Who can argue with Bill Gates and his call for a more thoughtful and holistic approach to measurement?
It sounds like a simple equation: If you want to achieve progress, you set a clear goal and find a measure, or measures, that will drive progress toward that goal.
Ideally, however, measurement is a way of thinking. It answers the question, “What does success look like?” and should be part of daily practice and a key to any funder/grantee conversation. Many program officers are already conversant in logic modeling, theories of change, and goal setting. In addition, resources are increasingly being devoted to collecting, analyzing, and communicating/visualizing data; reporting the results; and using those results to improve and promote programs.
Implicit in Gates’ essay is the fact that funders and grantees require the capacity and proficiency to set clear goals and design the means to measure progress. This shared responsibility creates an opportunity for meaningful dialogue and collaboration and could deliver the innovations in measurement that Gates suggests. Although measurement can be very complex and difficult, grantmakers have a responsibility to make it one of their core competencies.
With a robust strategic giving plan, the contributions team at Johnson & Johnson is continuing on a journey to improve our ability, and that of our partners, to measure and communicate program results. We are certainly interested in the quantitative (numbers) and the qualitative (stories) results of our partnerships around the world. We have embraced “evaluation thinking” within the context of a global corporate giving program and created a “tiger team,” a cross-discipline sub-team which works to continuously improve our team’s ability to measure outcomes while improving our partners’ evaluation capacity. Embracing evaluation thinking has improved our practice on many levels, especially our relationships with community partners.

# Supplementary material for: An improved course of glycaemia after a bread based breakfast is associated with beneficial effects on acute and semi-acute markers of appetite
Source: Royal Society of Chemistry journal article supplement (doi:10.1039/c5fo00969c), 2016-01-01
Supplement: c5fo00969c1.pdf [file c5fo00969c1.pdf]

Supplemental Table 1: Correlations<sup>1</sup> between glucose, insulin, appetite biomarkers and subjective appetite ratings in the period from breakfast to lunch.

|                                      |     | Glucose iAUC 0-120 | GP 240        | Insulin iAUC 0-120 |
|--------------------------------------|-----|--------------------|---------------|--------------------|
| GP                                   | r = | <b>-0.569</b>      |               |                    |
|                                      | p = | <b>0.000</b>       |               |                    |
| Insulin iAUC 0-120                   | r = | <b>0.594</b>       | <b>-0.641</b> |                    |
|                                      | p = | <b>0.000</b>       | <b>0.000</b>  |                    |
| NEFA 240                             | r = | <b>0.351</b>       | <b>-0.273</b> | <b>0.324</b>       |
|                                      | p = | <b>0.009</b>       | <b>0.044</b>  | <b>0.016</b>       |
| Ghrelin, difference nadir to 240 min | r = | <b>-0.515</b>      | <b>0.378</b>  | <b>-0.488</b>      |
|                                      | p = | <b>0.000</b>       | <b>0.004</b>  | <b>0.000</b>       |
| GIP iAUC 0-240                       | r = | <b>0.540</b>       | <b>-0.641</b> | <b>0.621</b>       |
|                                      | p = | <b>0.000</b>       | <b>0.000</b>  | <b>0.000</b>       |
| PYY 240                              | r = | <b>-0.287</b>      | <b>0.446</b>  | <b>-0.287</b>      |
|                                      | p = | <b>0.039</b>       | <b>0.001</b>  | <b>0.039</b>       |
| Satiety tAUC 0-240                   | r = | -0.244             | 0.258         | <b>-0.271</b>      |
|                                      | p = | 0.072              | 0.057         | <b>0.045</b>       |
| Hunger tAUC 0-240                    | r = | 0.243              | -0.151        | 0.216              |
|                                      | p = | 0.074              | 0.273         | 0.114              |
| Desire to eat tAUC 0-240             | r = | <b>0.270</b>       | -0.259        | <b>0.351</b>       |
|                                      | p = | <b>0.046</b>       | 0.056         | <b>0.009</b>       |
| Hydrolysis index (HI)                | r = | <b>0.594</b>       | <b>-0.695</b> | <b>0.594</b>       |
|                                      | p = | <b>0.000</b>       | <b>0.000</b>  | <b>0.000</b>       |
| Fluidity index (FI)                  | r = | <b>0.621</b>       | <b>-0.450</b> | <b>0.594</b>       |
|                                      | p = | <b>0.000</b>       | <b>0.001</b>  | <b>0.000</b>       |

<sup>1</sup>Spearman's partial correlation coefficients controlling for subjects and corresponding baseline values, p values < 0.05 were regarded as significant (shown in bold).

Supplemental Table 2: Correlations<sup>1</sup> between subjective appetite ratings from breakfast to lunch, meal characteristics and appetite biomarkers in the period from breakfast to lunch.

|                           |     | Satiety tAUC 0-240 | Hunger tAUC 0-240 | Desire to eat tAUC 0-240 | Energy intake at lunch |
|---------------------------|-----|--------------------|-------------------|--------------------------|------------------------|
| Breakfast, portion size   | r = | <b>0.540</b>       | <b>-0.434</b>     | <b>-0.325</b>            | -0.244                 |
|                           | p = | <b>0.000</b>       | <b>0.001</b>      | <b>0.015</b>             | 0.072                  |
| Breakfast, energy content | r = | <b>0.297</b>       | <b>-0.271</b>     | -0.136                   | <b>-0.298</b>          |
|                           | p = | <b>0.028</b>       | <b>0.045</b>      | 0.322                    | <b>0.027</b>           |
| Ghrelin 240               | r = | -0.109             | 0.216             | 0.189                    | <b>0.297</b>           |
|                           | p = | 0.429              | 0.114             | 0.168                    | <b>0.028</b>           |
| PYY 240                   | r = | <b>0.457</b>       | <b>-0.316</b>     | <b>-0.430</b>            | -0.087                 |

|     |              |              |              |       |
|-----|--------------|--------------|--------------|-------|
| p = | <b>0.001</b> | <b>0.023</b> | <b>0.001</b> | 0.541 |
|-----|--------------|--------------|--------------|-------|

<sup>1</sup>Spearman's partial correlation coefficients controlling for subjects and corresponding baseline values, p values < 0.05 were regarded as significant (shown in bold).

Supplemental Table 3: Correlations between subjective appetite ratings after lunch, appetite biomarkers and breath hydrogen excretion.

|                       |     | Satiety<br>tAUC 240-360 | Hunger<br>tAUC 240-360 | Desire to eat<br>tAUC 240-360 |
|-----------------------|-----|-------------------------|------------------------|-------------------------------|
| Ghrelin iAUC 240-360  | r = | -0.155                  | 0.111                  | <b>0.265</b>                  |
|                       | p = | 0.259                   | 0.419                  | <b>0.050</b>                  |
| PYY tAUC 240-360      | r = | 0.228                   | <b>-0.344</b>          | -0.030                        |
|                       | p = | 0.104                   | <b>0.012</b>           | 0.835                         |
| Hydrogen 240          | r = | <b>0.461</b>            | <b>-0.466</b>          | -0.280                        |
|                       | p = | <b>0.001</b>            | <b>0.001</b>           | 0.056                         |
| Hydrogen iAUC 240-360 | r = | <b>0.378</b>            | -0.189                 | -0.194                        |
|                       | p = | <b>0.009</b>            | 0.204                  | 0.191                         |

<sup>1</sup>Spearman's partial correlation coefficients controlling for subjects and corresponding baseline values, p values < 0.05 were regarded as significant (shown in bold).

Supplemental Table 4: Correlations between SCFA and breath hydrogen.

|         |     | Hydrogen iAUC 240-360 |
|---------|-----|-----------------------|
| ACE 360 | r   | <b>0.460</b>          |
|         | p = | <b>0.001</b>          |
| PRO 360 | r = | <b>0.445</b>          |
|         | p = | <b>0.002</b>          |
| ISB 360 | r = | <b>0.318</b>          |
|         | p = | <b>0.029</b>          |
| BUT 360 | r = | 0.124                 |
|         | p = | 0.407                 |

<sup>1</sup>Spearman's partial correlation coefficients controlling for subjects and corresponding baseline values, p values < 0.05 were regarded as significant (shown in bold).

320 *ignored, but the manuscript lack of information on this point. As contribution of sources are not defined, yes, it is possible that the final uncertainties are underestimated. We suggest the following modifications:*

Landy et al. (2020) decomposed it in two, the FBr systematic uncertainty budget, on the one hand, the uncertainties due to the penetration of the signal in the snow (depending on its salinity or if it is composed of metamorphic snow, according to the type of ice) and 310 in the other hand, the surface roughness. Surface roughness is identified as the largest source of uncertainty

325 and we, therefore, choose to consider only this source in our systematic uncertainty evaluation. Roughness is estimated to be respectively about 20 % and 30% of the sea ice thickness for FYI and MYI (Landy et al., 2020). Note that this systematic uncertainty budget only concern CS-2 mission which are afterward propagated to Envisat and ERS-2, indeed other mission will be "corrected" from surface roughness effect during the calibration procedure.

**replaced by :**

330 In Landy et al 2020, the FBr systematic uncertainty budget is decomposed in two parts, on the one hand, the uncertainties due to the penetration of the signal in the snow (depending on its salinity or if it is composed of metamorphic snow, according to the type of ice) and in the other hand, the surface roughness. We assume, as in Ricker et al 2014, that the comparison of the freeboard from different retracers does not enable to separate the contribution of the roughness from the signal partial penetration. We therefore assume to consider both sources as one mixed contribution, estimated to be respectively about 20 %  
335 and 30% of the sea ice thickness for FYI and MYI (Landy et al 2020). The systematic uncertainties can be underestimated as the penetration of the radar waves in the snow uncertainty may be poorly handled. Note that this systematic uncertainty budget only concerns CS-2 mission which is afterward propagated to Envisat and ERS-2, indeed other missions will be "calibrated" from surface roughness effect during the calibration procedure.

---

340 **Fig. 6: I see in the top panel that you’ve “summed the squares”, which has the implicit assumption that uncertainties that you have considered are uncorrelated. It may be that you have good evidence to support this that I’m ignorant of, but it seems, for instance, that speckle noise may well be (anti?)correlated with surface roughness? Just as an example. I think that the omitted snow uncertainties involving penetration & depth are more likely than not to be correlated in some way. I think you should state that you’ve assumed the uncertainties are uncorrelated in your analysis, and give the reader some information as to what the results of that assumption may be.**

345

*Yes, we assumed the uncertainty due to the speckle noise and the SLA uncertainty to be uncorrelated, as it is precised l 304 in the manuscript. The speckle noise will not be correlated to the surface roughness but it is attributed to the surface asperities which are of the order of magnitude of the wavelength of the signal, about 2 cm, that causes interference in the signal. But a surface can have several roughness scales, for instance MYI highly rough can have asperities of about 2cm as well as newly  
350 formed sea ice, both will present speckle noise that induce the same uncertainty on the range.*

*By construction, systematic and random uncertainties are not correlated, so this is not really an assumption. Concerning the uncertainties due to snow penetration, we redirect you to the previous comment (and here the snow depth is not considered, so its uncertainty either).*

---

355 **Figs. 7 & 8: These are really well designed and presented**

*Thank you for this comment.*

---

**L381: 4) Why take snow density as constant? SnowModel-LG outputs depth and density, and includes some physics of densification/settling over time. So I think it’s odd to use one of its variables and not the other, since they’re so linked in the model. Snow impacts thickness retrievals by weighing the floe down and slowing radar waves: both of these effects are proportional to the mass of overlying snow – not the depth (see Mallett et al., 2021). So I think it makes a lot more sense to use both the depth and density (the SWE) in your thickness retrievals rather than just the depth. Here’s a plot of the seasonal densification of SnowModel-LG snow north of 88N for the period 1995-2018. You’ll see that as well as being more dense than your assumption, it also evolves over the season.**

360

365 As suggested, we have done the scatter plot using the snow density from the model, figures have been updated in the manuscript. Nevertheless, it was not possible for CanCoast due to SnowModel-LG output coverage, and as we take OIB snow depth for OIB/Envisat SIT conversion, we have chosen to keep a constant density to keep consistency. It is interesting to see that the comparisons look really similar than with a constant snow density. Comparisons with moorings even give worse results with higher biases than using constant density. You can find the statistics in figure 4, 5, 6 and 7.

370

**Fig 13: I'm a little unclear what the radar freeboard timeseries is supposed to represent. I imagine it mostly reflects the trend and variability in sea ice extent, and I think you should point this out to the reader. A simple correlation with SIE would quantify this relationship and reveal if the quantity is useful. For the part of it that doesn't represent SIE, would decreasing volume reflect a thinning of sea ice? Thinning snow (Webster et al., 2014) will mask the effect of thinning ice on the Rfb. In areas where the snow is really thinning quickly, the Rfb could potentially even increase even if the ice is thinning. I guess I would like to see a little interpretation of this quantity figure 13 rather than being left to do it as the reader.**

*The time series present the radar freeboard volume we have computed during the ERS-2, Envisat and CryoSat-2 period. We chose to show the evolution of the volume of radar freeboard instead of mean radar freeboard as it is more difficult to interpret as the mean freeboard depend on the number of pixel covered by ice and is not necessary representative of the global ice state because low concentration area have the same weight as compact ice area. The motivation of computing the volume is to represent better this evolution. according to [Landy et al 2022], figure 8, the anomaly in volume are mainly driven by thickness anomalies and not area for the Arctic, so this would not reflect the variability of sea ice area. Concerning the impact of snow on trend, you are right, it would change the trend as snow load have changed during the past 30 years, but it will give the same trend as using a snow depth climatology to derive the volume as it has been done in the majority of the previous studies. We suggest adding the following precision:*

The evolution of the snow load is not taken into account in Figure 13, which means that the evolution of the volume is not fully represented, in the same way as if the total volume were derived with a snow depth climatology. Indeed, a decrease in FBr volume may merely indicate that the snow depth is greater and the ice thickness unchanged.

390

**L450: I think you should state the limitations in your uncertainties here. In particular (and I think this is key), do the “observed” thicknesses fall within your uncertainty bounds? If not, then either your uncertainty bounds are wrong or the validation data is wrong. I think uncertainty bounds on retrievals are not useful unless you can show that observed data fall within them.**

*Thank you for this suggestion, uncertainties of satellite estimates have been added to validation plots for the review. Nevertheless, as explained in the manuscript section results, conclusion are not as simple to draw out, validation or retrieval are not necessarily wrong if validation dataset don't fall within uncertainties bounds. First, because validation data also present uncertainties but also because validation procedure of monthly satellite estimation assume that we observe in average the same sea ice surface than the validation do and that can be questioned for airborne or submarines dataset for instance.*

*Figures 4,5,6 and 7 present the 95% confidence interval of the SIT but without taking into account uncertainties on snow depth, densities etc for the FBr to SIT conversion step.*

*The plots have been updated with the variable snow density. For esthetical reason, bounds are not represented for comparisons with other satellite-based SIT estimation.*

Among funders, more dialogue around measurement will surely improve the quality of our work. Program outcomes and results are directly linked to how we, as funders, demonstrate the impact and value of our work to our stakeholders. As Chris Pinney concluded in Increasing Impact, Enhancing Value: A Practitioner’s Guide to Leading Corporate Philanthropy: “In this time of turbulence and change, all organizations are being asked to rethink their purpose and actions to create greater value for society. We believe an enormous opportunity exists today for leaders in corporate philanthropy to step up to this challenge.”
Come join the conversation around value at the Council on Foundations Annual Conference in Chicago.
Michael Bzdak, Ph.D., is a director of corporate contributions for Johnson & Johnson and serves on the Council’s Corporate Committee.